No more ‘Top 10’ listing in 2021 bar exams
Law graduates, pandemic-weary as they are, won’t have to unnecessarily pressure themselves to land in the top 10 passers of this year’s bar exams.
The Supreme Court on Friday announced that it would do away with the traditional ranking of bar topnotchers as it introduced several reforms in the annual examinations for would-be lawyers to deal with challenges posed by the COVID-19 pandemic.
The spotlight would instead be focused on the performance of the law schools, which would be ranked according to the percentage of their students who passed the bar, said Associate Justice Marvic Leonen, who chairs the 2020-2021 bar exams committee.
“It is hoped that by shifting the focus away from how select individuals excel and onto a school’s collective performance, this will encourage deep-seated and wide-ranging improvements in legal education,” Leonen said in a bar bulletin.
“Law schools would inspire and aspire for excellence that would uplift their entire studentry, rather than select bar bets only,” he noted.
Leonen said the changes in the proficiency test was intended to “enable a more equitable approach to appraising and reporting on bar examination performance” during the pandemic.
Pro hac vice
These changes, however, would be implemented pro hac vice, or for this case only, he said.
“It is true that we should own responsibility for what we achieve in our lifetimes. But it is likewise true that we do not all come from the same starting points,” the magistrate said.
“Some are more privileged than the rest. Others have to face more challenges … Understanding this is basic to understanding inequality, and more so, to finding the normative means to grant just rewards,” he said.
The “unique circumstances” of this year’s bar examinations provide the opportunity to introduce reforms “with compassion and understanding, but without sacrificing the core nature” of the process, Leonen said.
These recognized the many difficulties that law graduates had to face, including those who were supposed to take the bar examinations last year, he said.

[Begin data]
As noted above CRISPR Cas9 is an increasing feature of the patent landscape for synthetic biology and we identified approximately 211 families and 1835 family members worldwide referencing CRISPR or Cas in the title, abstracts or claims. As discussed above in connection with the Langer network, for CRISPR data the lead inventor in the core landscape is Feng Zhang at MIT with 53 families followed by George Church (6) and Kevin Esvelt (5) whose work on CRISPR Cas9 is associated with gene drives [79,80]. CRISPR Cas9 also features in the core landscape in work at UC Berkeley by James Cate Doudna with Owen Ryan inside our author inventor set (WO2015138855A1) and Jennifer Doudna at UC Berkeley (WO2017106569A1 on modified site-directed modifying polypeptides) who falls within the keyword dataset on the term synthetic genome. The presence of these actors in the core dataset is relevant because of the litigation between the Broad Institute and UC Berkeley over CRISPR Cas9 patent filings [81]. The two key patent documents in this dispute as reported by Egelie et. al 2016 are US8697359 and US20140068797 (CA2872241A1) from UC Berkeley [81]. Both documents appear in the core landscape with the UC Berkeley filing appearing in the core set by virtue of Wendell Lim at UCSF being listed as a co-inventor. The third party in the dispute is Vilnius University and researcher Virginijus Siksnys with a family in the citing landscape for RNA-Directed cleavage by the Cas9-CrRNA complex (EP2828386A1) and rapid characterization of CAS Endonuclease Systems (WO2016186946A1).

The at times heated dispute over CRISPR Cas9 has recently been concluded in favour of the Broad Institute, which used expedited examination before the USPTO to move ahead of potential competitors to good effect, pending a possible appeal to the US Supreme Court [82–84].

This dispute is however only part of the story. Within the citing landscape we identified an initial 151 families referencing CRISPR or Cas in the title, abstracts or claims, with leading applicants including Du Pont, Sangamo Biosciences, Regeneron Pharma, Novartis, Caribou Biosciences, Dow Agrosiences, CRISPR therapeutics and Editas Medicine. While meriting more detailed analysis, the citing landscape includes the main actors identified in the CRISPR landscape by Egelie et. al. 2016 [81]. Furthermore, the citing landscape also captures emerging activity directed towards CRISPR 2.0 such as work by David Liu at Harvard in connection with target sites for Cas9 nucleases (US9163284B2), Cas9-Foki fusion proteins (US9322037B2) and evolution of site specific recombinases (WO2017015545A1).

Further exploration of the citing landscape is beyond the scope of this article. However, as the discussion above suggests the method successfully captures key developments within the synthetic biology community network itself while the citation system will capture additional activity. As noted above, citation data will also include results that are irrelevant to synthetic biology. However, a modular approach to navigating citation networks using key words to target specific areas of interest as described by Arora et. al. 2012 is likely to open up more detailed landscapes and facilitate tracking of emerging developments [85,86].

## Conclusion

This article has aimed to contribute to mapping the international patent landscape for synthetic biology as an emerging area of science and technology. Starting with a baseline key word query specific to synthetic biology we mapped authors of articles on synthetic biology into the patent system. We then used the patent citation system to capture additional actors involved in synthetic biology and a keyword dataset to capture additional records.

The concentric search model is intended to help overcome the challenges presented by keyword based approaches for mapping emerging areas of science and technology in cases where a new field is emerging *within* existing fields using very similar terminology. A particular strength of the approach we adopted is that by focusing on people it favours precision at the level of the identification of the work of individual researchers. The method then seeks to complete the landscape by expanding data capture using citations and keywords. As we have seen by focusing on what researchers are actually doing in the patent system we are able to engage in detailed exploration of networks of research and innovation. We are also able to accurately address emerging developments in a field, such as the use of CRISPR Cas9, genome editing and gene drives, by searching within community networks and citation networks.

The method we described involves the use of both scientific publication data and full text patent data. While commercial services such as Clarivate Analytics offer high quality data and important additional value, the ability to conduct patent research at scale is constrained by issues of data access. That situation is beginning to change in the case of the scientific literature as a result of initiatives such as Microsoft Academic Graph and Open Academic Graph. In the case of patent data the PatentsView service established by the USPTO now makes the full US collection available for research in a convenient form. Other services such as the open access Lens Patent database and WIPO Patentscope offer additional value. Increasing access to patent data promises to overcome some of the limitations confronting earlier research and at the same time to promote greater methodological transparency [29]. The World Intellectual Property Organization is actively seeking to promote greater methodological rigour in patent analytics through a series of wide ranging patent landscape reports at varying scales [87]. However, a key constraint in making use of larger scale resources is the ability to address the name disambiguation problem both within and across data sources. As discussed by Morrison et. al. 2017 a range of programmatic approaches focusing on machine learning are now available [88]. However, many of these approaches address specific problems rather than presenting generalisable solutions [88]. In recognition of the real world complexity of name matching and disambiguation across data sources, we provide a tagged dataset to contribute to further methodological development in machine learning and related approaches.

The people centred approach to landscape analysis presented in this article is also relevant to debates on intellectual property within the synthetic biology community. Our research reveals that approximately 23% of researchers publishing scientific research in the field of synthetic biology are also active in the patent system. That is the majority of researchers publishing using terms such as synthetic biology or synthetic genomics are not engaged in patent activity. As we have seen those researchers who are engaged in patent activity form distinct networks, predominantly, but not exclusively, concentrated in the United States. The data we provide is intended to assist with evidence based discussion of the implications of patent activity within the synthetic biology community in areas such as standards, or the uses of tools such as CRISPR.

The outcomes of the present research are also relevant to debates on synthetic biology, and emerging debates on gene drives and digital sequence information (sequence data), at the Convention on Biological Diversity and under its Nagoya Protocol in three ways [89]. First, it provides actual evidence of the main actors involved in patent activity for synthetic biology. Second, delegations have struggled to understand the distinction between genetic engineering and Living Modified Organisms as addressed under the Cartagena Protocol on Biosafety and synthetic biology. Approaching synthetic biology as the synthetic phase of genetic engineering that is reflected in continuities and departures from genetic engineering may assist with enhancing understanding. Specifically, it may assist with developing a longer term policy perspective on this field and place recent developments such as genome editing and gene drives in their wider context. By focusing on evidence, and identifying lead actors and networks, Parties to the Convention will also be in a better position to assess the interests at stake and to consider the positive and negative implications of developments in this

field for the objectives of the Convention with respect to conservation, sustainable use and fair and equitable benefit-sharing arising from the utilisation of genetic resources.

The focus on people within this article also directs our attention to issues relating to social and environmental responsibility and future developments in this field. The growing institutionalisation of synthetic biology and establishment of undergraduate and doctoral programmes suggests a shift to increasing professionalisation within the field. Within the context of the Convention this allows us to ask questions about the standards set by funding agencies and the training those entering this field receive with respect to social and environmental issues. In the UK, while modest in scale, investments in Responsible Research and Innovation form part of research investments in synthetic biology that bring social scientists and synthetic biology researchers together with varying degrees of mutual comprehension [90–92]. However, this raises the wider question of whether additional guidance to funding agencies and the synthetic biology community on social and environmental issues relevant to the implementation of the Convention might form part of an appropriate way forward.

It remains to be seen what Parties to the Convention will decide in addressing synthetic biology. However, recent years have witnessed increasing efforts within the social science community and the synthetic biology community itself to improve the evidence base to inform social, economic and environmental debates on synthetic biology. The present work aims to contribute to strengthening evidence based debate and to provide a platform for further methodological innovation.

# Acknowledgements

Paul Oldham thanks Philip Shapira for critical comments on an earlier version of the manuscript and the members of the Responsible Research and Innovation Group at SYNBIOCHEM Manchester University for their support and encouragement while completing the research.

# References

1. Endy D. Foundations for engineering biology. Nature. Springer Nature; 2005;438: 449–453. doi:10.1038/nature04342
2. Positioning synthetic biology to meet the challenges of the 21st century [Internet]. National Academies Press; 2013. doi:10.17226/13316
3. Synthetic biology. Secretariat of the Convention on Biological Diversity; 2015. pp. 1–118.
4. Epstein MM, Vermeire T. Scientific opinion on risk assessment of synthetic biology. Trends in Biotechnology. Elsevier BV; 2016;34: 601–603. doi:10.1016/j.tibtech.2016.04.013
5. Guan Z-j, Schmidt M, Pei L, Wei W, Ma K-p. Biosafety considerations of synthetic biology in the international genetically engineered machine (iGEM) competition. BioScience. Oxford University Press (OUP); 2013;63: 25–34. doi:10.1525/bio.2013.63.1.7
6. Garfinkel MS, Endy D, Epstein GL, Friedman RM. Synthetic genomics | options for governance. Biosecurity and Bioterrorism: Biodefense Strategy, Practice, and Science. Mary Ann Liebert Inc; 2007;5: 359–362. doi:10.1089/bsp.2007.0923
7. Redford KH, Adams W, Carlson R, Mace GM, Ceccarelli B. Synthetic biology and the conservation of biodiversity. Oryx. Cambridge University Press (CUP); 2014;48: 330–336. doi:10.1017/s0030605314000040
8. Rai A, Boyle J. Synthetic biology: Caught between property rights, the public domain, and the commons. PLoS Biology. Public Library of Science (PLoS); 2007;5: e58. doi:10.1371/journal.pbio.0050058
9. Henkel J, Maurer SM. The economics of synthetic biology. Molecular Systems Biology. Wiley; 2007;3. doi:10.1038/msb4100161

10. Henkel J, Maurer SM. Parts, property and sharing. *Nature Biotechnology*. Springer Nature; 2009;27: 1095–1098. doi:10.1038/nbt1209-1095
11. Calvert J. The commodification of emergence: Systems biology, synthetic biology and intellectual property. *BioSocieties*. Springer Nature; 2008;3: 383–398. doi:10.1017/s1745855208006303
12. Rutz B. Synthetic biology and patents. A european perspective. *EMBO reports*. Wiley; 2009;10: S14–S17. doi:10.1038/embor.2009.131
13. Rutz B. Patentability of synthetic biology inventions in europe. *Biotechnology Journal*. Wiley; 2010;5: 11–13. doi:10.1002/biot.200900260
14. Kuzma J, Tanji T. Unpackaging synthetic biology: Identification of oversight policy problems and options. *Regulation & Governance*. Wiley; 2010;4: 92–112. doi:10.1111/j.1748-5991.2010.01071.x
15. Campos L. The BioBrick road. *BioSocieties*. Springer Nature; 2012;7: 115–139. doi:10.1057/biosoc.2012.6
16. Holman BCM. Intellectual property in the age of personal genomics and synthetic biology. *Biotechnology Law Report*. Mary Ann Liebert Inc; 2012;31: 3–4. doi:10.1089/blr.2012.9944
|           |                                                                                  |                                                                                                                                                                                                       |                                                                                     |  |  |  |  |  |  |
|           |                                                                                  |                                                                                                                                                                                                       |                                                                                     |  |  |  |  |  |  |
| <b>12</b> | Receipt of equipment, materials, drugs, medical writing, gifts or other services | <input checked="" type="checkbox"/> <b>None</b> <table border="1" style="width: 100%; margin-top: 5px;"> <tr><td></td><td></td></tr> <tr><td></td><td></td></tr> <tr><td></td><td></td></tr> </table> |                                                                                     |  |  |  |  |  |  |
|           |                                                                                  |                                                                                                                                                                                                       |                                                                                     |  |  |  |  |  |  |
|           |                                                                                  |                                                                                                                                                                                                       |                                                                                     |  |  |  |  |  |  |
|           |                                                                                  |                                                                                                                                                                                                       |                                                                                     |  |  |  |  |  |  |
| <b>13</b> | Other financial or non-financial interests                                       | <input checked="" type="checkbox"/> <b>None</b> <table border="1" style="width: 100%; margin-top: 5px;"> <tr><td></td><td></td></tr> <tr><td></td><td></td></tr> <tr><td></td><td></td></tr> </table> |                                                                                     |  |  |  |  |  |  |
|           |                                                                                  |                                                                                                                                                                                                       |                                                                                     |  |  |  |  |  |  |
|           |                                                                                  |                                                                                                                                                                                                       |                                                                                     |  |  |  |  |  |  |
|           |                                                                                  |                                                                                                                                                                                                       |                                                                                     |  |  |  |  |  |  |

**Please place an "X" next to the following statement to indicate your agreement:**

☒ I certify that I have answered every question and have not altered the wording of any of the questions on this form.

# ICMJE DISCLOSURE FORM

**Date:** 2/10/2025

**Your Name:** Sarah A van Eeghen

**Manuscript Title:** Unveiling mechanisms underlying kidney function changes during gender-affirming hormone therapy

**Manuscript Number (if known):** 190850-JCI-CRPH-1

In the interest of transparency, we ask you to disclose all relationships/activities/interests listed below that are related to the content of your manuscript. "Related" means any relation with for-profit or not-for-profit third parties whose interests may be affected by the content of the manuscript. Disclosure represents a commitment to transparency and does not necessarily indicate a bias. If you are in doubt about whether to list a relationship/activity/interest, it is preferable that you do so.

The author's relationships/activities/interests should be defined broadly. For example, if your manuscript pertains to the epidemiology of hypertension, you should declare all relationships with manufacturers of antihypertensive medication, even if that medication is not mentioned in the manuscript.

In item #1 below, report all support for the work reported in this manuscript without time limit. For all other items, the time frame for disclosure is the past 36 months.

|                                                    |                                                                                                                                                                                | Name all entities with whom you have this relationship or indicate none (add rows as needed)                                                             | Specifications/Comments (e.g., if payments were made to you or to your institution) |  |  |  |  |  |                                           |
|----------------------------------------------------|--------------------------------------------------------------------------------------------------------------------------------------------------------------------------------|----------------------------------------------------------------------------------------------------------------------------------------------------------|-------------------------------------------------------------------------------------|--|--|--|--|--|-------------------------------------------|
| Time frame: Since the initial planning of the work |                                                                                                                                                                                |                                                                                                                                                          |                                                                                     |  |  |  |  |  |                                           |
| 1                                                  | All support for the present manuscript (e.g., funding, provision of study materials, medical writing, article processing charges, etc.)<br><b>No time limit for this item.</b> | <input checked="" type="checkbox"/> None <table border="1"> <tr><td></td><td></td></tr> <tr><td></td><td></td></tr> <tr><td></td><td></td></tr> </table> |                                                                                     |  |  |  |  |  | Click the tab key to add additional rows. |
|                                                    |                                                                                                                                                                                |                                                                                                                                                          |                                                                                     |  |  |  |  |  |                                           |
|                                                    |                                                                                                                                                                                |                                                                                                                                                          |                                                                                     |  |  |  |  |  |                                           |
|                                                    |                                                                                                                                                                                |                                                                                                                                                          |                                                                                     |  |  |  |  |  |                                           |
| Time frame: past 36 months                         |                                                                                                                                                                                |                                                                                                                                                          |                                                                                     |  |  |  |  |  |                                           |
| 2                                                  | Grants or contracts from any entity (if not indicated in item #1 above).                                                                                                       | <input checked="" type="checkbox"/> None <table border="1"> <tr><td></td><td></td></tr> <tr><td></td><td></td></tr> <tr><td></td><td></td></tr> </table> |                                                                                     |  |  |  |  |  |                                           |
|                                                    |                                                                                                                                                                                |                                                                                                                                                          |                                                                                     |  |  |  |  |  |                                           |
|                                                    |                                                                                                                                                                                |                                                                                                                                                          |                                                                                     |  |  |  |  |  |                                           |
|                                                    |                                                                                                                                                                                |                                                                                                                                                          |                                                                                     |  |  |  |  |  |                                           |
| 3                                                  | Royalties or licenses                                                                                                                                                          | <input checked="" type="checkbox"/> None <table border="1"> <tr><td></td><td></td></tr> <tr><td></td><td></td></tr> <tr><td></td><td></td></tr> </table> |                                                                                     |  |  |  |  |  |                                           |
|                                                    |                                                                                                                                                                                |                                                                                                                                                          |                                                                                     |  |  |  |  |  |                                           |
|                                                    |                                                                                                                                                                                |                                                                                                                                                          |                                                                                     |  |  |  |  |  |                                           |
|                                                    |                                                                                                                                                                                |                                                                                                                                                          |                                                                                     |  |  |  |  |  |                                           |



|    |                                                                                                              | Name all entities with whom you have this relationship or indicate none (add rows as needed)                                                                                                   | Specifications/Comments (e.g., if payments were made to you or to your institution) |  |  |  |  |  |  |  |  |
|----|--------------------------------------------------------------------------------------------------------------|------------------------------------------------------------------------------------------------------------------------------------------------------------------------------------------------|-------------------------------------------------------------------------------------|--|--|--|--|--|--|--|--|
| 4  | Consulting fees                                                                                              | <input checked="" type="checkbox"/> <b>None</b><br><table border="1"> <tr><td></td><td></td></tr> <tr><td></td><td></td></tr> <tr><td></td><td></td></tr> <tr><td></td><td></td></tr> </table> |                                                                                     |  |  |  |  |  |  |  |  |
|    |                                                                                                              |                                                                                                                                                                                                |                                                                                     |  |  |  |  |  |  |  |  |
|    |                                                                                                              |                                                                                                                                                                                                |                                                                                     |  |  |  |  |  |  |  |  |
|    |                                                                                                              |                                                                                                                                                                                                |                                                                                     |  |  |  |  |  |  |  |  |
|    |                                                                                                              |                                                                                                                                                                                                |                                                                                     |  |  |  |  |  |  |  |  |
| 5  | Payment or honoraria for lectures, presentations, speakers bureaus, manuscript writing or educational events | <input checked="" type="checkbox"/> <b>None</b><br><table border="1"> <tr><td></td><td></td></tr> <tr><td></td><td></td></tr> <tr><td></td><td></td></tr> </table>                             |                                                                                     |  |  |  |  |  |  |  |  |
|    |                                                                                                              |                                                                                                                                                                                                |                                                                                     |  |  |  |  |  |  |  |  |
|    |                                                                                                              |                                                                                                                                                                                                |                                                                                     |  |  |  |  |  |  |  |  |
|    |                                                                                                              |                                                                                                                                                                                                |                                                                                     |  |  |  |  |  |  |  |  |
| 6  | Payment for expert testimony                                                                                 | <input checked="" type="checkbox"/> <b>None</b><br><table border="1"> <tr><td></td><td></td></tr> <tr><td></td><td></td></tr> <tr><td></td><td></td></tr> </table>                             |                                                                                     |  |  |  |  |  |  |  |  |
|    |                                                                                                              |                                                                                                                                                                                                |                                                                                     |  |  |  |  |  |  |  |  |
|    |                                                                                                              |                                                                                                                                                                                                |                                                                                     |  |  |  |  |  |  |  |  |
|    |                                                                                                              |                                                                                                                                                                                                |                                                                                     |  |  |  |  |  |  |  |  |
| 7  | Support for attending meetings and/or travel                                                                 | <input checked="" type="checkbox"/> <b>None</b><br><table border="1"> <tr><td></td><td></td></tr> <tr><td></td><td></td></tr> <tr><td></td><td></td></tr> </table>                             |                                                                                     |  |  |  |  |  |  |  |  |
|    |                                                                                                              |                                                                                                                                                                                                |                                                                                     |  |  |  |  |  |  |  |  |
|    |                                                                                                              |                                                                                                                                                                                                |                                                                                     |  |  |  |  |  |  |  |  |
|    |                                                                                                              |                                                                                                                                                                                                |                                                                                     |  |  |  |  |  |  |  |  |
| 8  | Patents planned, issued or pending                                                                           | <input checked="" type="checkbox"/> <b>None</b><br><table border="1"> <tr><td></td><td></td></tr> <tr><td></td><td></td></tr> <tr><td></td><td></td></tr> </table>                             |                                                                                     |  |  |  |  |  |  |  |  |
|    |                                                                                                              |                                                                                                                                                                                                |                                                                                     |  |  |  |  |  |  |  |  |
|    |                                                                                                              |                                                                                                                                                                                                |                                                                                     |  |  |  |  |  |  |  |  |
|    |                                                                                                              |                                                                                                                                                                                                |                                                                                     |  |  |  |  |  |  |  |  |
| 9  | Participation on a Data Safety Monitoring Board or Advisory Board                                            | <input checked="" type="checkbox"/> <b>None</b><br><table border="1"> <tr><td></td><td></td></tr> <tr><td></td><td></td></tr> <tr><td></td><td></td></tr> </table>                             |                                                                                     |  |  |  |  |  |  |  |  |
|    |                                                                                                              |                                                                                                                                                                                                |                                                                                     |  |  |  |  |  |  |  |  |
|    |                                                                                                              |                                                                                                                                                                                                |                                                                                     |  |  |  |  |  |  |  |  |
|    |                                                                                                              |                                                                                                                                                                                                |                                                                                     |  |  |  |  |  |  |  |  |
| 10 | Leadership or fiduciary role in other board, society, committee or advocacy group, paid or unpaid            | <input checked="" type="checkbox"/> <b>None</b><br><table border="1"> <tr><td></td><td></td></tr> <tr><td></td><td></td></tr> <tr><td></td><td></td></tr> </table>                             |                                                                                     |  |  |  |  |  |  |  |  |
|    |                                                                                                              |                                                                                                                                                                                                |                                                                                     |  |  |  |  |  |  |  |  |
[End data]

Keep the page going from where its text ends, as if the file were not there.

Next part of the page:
“The court is aware of these challenges, which permeate all aspects of an examinee’s preparation,” said the former dean of the University of the Philippines College of Law.
The high court had decided to cancel the bar examinations in 2020 due to the raging contagion.
In 2019, a total of 2,103 out of 7,685 law graduates passed the bar examinations for a passing rate of 27.36 percent.
Localized, online exams
The magistrates had allowed the holding this year of the first-ever localized and online examination for new lawyers, which would be held during the four Sundays of November in key cities and regional centers nationwide.
An examinee should get at least 75 percent in weighted grade to pass the bar exams.
Instead of the top 10, the Supreme Court would release the names of examinees who got a weighted grade of at least 85 percent in recognition of their “exemplary performance” and they would be listed alphabetically.
“Apart from this, no fanfare shall be devoted in releasing information on examinees who rendered exemplary performance,” Leonen said.
Besides, Leonen said, restricting the accolades to a “circle of 10 risks being beholden to statistical minutiae.”
The court decided to limit the examinations for each subject to up to 18 “straightforward questions” only, with no subquestion.
In accordance with the Rules of Court, the test will cover eight subjects—remedial law (20 percent), political and international law (15 percent), civil law (15 percent), commercial law (15 percent), labor and social legislation (15 percent), criminal law (10 percent), taxation (10 percent) and legal ethics and practical exercises (5 percent).
“The bar examinations measure individual knowledge. It is no race or competition,” Leonen emphasized.
“Neither will it predict who among the examinees will become the best qualified within their batch, the better lawyer, the more relevant practitioner or the more compassionate individual,” he said.